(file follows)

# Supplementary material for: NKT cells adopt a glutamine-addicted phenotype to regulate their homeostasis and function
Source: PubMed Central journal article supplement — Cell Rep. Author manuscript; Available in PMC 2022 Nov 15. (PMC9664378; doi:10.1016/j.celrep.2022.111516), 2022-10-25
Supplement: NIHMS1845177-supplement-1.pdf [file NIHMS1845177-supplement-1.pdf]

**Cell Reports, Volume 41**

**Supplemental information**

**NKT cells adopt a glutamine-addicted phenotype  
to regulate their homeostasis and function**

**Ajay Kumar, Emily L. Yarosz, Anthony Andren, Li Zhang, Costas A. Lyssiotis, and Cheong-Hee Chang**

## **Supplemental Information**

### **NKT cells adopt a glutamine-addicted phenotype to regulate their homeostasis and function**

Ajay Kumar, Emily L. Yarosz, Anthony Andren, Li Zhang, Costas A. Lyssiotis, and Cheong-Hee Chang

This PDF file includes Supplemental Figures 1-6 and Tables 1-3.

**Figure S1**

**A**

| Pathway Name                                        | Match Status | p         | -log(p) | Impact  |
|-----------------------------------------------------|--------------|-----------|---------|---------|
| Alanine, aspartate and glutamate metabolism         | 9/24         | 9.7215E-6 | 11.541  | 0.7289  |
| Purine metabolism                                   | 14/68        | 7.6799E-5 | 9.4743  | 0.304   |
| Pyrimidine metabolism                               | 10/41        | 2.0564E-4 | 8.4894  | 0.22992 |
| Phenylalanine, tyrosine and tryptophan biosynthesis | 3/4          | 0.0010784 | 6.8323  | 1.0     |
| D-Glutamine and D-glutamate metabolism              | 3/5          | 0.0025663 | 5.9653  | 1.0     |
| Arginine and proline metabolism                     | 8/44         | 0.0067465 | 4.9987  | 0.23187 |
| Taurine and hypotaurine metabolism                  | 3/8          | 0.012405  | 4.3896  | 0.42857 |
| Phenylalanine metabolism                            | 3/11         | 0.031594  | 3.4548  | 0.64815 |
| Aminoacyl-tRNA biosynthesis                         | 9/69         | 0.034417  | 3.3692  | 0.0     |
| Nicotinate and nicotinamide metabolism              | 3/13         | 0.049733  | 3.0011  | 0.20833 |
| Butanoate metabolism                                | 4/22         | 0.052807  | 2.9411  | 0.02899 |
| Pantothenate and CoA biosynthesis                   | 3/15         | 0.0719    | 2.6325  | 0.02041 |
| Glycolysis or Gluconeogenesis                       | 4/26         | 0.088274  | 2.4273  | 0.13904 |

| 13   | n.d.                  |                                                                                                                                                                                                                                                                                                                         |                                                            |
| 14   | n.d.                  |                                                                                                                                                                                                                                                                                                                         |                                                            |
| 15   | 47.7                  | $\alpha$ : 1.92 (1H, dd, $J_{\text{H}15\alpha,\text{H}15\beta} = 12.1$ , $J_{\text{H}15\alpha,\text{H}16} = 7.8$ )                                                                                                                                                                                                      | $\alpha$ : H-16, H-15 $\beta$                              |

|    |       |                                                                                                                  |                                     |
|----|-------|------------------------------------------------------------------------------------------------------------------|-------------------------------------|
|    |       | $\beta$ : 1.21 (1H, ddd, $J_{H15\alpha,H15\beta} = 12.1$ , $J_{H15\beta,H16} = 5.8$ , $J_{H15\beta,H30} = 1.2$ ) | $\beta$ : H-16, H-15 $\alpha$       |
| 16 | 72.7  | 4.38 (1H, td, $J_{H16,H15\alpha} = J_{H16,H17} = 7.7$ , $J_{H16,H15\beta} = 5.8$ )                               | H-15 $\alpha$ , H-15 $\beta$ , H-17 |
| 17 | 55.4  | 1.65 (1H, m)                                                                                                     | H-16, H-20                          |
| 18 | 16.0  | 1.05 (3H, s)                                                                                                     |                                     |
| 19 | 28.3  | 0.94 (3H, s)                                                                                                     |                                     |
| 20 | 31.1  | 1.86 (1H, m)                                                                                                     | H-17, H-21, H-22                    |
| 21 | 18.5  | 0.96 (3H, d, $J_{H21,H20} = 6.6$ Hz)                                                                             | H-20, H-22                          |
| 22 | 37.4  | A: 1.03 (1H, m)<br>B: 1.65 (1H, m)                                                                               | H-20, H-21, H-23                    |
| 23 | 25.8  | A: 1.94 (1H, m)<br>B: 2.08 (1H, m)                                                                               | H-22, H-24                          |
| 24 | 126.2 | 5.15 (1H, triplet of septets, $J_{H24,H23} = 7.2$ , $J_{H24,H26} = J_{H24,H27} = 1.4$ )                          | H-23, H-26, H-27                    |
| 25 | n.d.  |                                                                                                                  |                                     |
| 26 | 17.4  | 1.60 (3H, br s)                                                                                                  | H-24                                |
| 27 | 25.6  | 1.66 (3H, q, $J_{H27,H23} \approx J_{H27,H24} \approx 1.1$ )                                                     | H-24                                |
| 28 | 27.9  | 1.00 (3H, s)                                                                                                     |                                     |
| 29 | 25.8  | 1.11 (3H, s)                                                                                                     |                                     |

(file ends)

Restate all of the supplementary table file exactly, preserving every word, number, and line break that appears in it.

# Supplementary material for: NKT cells adopt a glutamine-addicted phenotype to regulate their homeostasis and function
Source: PubMed Central journal article supplement — Cell Rep. Author manuscript; Available in PMC 2022 Nov 15. (PMC9664378; doi:10.1016/j.celrep.2022.111516), 2022-10-25
Supplement: NIHMS1845177-supplement-1.pdf [file NIHMS1845177-supplement-1.pdf]

**Cell Reports, Volume 41**

**Supplemental information**

**NKT cells adopt a glutamine-addicted phenotype  
to regulate their homeostasis and function**

**Ajay Kumar, Emily L. Yarosz, Anthony Andren, Li Zhang, Costas A. Lyssiotis, and Cheong-Hee Chang**

## **Supplemental Information**

### **NKT cells adopt a glutamine-addicted phenotype to regulate their homeostasis and function**

Ajay Kumar, Emily L. Yarosz, Anthony Andren, Li Zhang, Costas A. Lyssiotis, and Cheong-Hee Chang

This PDF file includes Supplemental Figures 1-6 and Tables 1-3.

**Figure S1**

**A**

| Pathway Name                                        | Match Status | p         | -log(p) | Impact  |
|-----------------------------------------------------|--------------|-----------|---------|---------|
| Alanine, aspartate and glutamate metabolism         | 9/24         | 9.7215E-6 | 11.541  | 0.7289  |
| Purine metabolism                                   | 14/68        | 7.6799E-5 | 9.4743  | 0.304   |
| Pyrimidine metabolism                               | 10/41        | 2.0564E-4 | 8.4894  | 0.22992 |
| Phenylalanine, tyrosine and tryptophan biosynthesis | 3/4          | 0.0010784 | 6.8323  | 1.0     |
| D-Glutamine and D-glutamate metabolism              | 3/5          | 0.0025663 | 5.9653  | 1.0     |
| Arginine and proline metabolism                     | 8/44         | 0.0067465 | 4.9987  | 0.23187 |
| Taurine and hypotaurine metabolism                  | 3/8          | 0.012405  | 4.3896  | 0.42857 |
| Phenylalanine metabolism                            | 3/11         | 0.031594  | 3.4548  | 0.64815 |
| Aminoacyl-tRNA biosynthesis                         | 9/69         | 0.034417  | 3.3692  | 0.0     |
| Nicotinate and nicotinamide metabolism              | 3/13         | 0.049733  | 3.0011  | 0.20833 |
| Butanoate metabolism                                | 4/22         | 0.052807  | 2.9411  | 0.02899 |
| Pantothenate and CoA biosynthesis                   | 3/15         | 0.0719    | 2.6325  | 0.02041 |
| Glycolysis or Gluconeogenesis                       | 4/26         | 0.088274  | 2.4273  | 0.13904 |

| 13   | n.d.                  |                                                                                                                                                                                                                                                                                                                         |                                                            |
| 14   | n.d.                  |                                                                                                                                                                                                                                                                                                                         |                                                            |
| 15   | 47.7                  | $\alpha$ : 1.92 (1H, dd, $J_{\text{H}15\alpha,\text{H}15\beta} = 12.1$ , $J_{\text{H}15\alpha,\text{H}16} = 7.8$ )                                                                                                                                                                                                      | $\alpha$ : H-16, H-15 $\beta$                              |

|    |       |                                                                                                                  |                                     |
|----|-------|------------------------------------------------------------------------------------------------------------------|-------------------------------------|
|    |       | $\beta$ : 1.21 (1H, ddd, $J_{H15\alpha,H15\beta} = 12.1$ , $J_{H15\beta,H16} = 5.8$ , $J_{H15\beta,H30} = 1.2$ ) | $\beta$ : H-16, H-15 $\alpha$       |
| 16 | 72.7  | 4.38 (1H, td, $J_{H16,H15\alpha} = J_{H16,H17} = 7.7$ , $J_{H16,H15\beta} = 5.8$ )                               | H-15 $\alpha$ , H-15 $\beta$ , H-17 |
| 17 | 55.4  | 1.65 (1H, m)                                                                                                     | H-16, H-20                          |
| 18 | 16.0  | 1.05 (3H, s)                                                                                                     |                                     |
| 19 | 28.3  | 0.94 (3H, s)                                                                                                     |                                     |
| 20 | 31.1  | 1.86 (1H, m)                                                                                                     | H-17, H-21, H-22                    |
| 21 | 18.5  | 0.96 (3H, d, $J_{H21,H20} = 6.6$ Hz)                                                                             | H-20, H-22                          |
| 22 | 37.4  | A: 1.03 (1H, m)<br>B: 1.65 (1H, m)                                                                               | H-20, H-21, H-23                    |
| 23 | 25.8  | A: 1.94 (1H, m)<br>B: 2.08 (1H, m)                                                                               | H-22, H-24                          |
| 24 | 126.2 | 5.15 (1H, triplet of septets, $J_{H24,H23} = 7.2$ , $J_{H24,H26} = J_{H24,H27} = 1.4$ )                          | H-23, H-26, H-27                    |
| 25 | n.d.  |                                                                                                                  |                                     |
| 26 | 17.4  | 1.60 (3H, br s)                                                                                                  | H-24                                |
| 27 | 25.6  | 1.66 (3H, q, $J_{H27,H23} \approx J_{H27,H24} \approx 1.1$ )                                                     | H-24                                |
| 28 | 27.9  | 1.00 (3H, s)                                                                                                     |                                     |
| 29 | 25.8  | 1.11 (3H, s)                                                                                                     |                                     |